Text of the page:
But if Christianity is essentially subjectivity, it is a mistake if the observer is objective p. Kierkegaard's main concerns included dismantling the philosophical "system", by which he meant that of Hegel. To Kierkegaard, it was arrogant to develop a philosophy from a detached standpoint, as if a philosopher stood outside of the system that he created. Kierkegaard was not concerned with a system, but with man in the world, especially as an individual before God.
He emphasized subjective truth over objective truth, or "the truth that is true for me". By this, he did not deny objective, propositional truth, but rather, he asserted that truth, especially the claims of religion, must be appropriated subjectively to have any effect on, or value for, the thinker. That is to say, the ability to verify the claims of religion are only good to the philosopher if he can personally appropriate those claims for himself.
Who is supposed to write or finish such a system? Surely a human being, unless we are to resume the peculiar talk about a human being's becoming speculative thought, a subject-object p. Section One is devoted to Gotthold Ephraim Lessing , who in ways was groping toward some of Kierkegaard's conclusions.
He was a noted German esthetician, dramatist and critic. His drama abandoned neo-classical forms and assumed more personal and ideal themes. He also alluded to the concept of the leap, which held great interest for Kierkegaard. The subjective existing thinker is aware of the dialectic of communication. Whereas objective thinking is indifferent to the thinking subject and his existence, the subjective thinker as existing is essentially interested in his own thinking, is existing in it.
Therefore, his thinking has another kind of reflection, specifically, that of inwardness, of possession, whereby it belongs to the subject and to no one else In his existence-relation to the truth, the existing subjective thinker is just as negative as positive, has just as much of the comic as he essentially has of pathos, and is continually in a process of becoming, that is, striving In the domain of thinking, the positive can be classed in the following categories: sensate certainty, historical knowledge, speculative result.
But this positive is precisely the untrue. Sensate certainty is a delusion see Greek skepticism That is, all of this positive fails to express the state of the knowing subject in existence Lessing has said that contingent historical truths can never become a demonstration of eternal truths of reason, also that the transition whereby one will build an eternal truth on historical reports is a leap Lessing has said If God held all truth enclosed in his right hand, and in his left hand the one and only ever-striving drive for truth, even with the corollary of erring forever and ever, and if he were to say to me: Choose!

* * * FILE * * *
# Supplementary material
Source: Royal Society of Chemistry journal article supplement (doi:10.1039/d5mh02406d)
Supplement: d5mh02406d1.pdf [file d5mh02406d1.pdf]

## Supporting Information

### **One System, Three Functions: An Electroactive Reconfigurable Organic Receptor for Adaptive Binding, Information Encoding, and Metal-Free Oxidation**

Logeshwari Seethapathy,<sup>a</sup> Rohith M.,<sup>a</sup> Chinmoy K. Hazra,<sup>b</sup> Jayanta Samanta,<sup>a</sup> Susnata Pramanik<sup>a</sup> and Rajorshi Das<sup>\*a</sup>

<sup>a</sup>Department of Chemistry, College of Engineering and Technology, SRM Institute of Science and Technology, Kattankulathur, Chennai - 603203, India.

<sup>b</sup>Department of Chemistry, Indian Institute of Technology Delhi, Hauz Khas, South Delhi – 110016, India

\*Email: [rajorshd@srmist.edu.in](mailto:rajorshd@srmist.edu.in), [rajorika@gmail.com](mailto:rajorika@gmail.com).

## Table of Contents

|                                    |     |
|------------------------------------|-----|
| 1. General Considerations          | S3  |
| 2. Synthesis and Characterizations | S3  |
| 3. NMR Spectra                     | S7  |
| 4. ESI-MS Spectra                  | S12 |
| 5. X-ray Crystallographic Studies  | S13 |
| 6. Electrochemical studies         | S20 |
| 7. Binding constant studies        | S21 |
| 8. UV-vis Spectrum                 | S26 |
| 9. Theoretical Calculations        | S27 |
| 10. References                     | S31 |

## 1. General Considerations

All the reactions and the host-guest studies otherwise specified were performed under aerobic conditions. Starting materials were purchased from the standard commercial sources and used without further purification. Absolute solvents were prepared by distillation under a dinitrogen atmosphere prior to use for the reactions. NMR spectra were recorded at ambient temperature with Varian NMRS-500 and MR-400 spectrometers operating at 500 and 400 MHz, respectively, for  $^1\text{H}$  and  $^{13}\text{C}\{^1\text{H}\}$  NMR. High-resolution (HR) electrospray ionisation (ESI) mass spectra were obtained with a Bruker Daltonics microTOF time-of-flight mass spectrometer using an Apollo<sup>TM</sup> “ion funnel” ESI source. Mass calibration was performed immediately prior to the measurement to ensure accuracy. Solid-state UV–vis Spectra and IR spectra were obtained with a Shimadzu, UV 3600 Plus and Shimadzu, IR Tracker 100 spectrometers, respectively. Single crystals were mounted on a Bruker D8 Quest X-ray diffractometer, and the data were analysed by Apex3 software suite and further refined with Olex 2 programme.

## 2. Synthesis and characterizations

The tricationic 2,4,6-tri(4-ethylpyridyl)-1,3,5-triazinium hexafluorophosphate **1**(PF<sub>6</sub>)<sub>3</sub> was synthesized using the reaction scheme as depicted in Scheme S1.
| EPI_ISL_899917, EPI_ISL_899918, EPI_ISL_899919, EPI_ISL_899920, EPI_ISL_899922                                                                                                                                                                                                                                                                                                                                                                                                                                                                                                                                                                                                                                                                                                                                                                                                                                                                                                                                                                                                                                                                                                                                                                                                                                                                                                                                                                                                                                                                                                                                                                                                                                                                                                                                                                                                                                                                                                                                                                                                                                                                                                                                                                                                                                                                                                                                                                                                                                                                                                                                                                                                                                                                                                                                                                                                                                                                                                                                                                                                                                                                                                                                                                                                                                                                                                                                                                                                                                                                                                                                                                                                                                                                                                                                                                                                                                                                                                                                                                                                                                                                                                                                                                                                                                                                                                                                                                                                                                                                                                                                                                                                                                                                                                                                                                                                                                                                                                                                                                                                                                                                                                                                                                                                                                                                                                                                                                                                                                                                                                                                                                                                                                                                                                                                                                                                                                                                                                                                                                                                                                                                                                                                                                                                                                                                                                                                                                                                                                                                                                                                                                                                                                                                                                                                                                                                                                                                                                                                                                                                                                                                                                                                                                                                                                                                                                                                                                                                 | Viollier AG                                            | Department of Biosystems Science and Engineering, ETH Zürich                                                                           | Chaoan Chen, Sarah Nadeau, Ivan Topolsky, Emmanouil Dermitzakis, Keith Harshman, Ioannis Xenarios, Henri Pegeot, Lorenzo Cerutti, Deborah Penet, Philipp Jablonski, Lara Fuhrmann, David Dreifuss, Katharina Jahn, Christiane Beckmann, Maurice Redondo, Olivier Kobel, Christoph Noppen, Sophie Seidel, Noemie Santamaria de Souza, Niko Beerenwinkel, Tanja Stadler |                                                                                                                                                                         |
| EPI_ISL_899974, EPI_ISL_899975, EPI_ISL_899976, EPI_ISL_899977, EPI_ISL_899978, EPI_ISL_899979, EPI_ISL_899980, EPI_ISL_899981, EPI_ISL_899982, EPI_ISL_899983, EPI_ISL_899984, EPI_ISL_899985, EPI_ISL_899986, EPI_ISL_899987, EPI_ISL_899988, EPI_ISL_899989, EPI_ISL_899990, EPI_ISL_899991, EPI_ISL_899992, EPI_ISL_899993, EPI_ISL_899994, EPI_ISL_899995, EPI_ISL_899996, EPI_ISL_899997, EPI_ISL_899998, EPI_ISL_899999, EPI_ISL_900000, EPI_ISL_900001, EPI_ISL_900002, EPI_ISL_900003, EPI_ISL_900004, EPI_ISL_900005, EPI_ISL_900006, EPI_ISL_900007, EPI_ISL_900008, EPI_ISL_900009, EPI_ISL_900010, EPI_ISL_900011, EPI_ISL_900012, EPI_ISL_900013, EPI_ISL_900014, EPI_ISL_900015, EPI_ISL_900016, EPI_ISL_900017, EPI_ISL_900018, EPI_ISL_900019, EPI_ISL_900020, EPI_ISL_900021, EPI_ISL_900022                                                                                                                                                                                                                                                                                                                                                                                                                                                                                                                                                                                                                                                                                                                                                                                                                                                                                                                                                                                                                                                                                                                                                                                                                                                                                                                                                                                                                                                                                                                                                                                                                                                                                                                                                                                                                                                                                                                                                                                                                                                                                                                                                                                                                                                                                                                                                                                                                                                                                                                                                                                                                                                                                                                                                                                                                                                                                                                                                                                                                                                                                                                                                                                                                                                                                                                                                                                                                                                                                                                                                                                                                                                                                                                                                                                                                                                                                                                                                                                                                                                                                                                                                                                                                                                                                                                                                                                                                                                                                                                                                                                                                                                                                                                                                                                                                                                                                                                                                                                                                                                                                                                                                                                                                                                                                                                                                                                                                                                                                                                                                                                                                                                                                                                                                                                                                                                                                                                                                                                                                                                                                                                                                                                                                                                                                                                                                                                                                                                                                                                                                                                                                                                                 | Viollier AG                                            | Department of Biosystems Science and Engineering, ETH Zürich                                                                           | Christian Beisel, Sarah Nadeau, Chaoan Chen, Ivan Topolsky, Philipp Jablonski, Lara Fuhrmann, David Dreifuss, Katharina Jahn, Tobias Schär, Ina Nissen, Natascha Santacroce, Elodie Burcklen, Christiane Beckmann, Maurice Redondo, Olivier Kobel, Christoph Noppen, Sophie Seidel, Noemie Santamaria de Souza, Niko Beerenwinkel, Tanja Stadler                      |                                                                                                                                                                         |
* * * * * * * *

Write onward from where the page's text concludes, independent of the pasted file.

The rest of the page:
Pure truth is indeed only for you alone! If something can only be speculated about, we cannot approach it objectively with assurance of understanding. If something is historical, we again cannot approach it objectively with assurance of understanding, since we were not there.
Don't have an account? The book is divided into two parts, the second of which concerns subjectivity and the subjective relation to the thought of the eternal within religion in general and within Christianity in particular. The chapter first considers Kierkegaard's views about Georg Wilhelm Friedrich Hegel and Hegelianism within the context of the relationship between modernity and Christianity and the relationship of history to faith. It then examines Kierkegaard's arguments about God's transcendence and revelation, faith and subjectivity. The chapter concludes by asking whether Kierkegaard's authorship may or may not have fed into the cult of irrationalism.
Concluding Unscientific Postscript to Philosophical Fragments, Volume 1
There have so far been three discernible phases -- three stages, appropriately enough -- in the enterprise of translating Kierkegaard into English. The first began during the Great Depression, and was something of a religious stage. Its spearhead was Walter Lowrie, an Episcopal minister who cast himself as Kierkegaard's "missionary", and promoted Kierkegaard's vision of faith as a bulwark against liberal theology. A second stage, which it is tempting to call "ethical", was launched in the s by Howard and Edna Hong of St.
Concluding Unscientific Postscript to Philosophical Fragments